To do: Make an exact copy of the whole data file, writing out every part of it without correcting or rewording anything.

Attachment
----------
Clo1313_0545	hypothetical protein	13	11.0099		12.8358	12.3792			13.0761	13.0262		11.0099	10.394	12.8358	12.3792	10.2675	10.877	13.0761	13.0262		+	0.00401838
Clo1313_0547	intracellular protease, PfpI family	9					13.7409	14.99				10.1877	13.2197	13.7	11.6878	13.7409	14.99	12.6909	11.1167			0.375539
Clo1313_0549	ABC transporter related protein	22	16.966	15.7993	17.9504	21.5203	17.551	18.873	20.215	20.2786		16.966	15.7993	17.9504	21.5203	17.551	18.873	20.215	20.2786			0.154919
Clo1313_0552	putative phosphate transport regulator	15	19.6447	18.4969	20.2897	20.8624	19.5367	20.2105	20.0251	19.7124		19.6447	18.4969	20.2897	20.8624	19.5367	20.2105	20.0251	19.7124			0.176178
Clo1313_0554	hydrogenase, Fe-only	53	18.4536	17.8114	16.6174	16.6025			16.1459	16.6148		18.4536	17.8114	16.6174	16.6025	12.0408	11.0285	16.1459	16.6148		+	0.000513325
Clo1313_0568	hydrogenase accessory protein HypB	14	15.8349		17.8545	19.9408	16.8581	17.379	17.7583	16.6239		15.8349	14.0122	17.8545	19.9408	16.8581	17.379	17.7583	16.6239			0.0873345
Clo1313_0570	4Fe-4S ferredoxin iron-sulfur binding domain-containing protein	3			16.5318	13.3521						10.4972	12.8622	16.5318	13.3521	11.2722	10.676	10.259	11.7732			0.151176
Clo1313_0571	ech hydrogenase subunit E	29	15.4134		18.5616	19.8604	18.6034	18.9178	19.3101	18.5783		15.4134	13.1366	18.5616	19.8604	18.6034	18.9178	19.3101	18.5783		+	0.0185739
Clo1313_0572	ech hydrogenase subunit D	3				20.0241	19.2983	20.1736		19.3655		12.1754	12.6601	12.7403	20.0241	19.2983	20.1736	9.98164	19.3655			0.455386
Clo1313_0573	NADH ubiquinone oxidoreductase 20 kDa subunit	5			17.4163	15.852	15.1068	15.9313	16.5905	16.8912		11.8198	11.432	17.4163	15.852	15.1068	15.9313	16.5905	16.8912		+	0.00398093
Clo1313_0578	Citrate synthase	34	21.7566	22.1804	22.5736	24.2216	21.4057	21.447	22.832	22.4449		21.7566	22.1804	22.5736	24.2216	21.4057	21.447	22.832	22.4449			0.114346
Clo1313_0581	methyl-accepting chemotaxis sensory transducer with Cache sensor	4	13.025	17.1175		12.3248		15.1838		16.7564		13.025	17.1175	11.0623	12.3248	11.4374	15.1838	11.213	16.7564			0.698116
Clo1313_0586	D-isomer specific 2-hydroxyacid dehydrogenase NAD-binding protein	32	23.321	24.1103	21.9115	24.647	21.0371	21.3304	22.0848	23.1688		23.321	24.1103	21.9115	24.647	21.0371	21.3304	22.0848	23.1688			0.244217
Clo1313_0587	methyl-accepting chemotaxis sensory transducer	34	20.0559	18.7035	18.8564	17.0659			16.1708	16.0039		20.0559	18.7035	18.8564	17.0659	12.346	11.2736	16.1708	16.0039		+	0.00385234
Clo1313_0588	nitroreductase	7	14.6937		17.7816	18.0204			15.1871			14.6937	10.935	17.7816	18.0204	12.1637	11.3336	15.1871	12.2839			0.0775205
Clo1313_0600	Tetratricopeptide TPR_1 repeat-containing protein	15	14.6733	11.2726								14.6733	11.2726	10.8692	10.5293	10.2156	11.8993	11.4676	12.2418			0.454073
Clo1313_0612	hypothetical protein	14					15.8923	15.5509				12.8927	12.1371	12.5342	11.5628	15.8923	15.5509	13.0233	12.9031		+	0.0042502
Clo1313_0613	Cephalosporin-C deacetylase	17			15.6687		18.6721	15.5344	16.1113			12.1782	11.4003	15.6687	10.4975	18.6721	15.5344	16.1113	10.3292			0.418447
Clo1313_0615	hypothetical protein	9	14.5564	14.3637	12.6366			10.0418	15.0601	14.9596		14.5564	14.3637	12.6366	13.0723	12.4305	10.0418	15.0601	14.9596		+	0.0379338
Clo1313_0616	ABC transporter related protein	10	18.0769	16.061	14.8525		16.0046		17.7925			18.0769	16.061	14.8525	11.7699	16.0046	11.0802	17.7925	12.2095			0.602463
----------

Clo1313_0545	hypothetical protein	13	11.0099		12.8358	12.3792			13.0761	13.0262		11.0099	10.394	12.8358	12.3792	10.2675	10.877	13.0761	13.0262		+	0.00401838
Clo1313_0547	intracellular protease, PfpI family	9					13.7409	14.99				10.1877	13.2197	13.7	11.6878	13.7409	14.99	12.6909	11.1167			0.375539
Clo1313_0549	ABC transporter related protein	22	16.966	15.7993	17.9504	21.5203	17.551	18.873	20.215	20.2786		16.966	15.7993	17.9504	21.5203	17.551	18.873	20.215	20.2786			0.154919
Clo1313_0552	putative phosphate transport regulator	15	19.6447	18.4969	20.2897	20.8624	19.5367	20.2105	20.0251	19.7124		19.6447	18.4969	20.2897	20.8624	19.5367	20.2105	20.0251	19.7124			0.176178
Clo1313_0554	hydrogenase, Fe-only	53	18.4536	17.8114	16.6174	16.6025			16.1459	16.6148		18.4536	17.8114	16.6174	16.6025	12.0408	11.0285	16.1459	16.6148		+	0.000513325
Clo1313_0568	hydrogenase accessory protein HypB	14	15.8349		17.8545	19.9408	16.8581	17.379	17.7583	16.6239		15.8349	14.0122	17.8545	19.9408	16.8581	17.379	17.7583	16.6239			0.0873345
Clo1313_0570	4Fe-4S ferredoxin iron-sulfur binding domain-containing protein	3			16.5318	13.3521						10.4972	12.8622	16.5318	13.3521	11.2722	10.676	10.259	11.7732			0.151176
Clo1313_0571	ech hydrogenase subunit E	29	15.4134		18.5616	19.8604	18.6034	18.9178	19.3101	18.5783		15.4134	13.1366	18.5616	19.8604	18.6034	18.9178	19.3101	18.5783		+	0.0185739
Clo1313_0572	ech hydrogenase subunit D	3				20.0241	19.2983	20.1736		19.3655		12.1754	12.6601	12.7403	20.0241	19.2983	20.1736	9.98164	19.3655			0.455386
Clo1313_0573	NADH ubiquinone oxidoreductase 20 kDa subunit	5			17.4163	15.852	15.1068	15.9313	16.5905	16.8912		11.8198	11.432	17.4163	15.852	15.1068	15.9313	16.5905	16.8912		+	0.00398093
Clo1313_0578	Citrate synthase	34	21.7566	22.1804	22.5736	24.2216	21.4057	21.447	22.832	22.4449		21.7566	22.1804	22.5736	24.2216	21.4057	21.447	22.832	22.4449			0.114346
Clo1313_0581	methyl-accepting chemotaxis sensory transducer with Cache sensor	4	13.025	17.1175		12.3248		15.1838		16.7564		13.025	17.1175	11.0623	12.3248	11.4374	15.1838	11.213	16.7564			0.698116
Clo1313_0586	D-isomer specific 2-hydroxyacid dehydrogenase NAD-binding protein	32	23.321	24.1103	21.9115	24.647	21.0371	21.3304	22.0848	23.1688		23.321	24.1103	21.9115	24.647	21.0371	21.3304	22.0848	23.1688			0.244217
Clo1313_0587	methyl-accepting chemotaxis sensory transducer	34	20.0559	18.7035	18.8564	17.0659			16.1708	16.0039		20.0559	18.7035	18.8564	17.0659	12.346	11.2736	16.1708	16.0039		+	0.00385234
Clo1313_0588	nitroreductase	7	14.6937		17.7816	18.0204			15.1871			14.6937	10.935	17.7816	18.0204	12.1637	11.3336	15.1871	12.2839			0.0775205
Clo1313_0600	Tetratricopeptide TPR_1 repeat-containing protein	15	14.6733	11.2726								14.6733	11.2726	10.8692	10.5293	10.2156	11.8993	11.4676	12.2418			0.454073
Clo1313_0612	hypothetical protein	14					15.8923	15.5509				12.8927	12.1371	12.5342	11.5628	15.8923	15.5509	13.0233	12.9031		+	0.0042502
Clo1313_0613	Cephalosporin-C deacetylase	17			15.6687		18.6721	15.5344	16.1113			12.1782	11.4003	15.6687	10.4975	18.6721	15.5344	16.1113	10.3292			0.418447
Clo1313_0615	hypothetical protein	9	14.5564	14.3637	12.6366			10.0418	15.0601	14.9596		14.5564	14.3637	12.6366	13.0723	12.4305	10.0418	15.0601	14.9596		+	0.0379338
Clo1313_0616	ABC transporter related protein	10	18.0769	16.061	14.8525		16.0046		17.7925			18.0769	16.061	14.8525	11.7699	16.0046	11.0802	17.7925	12.2095			0.602463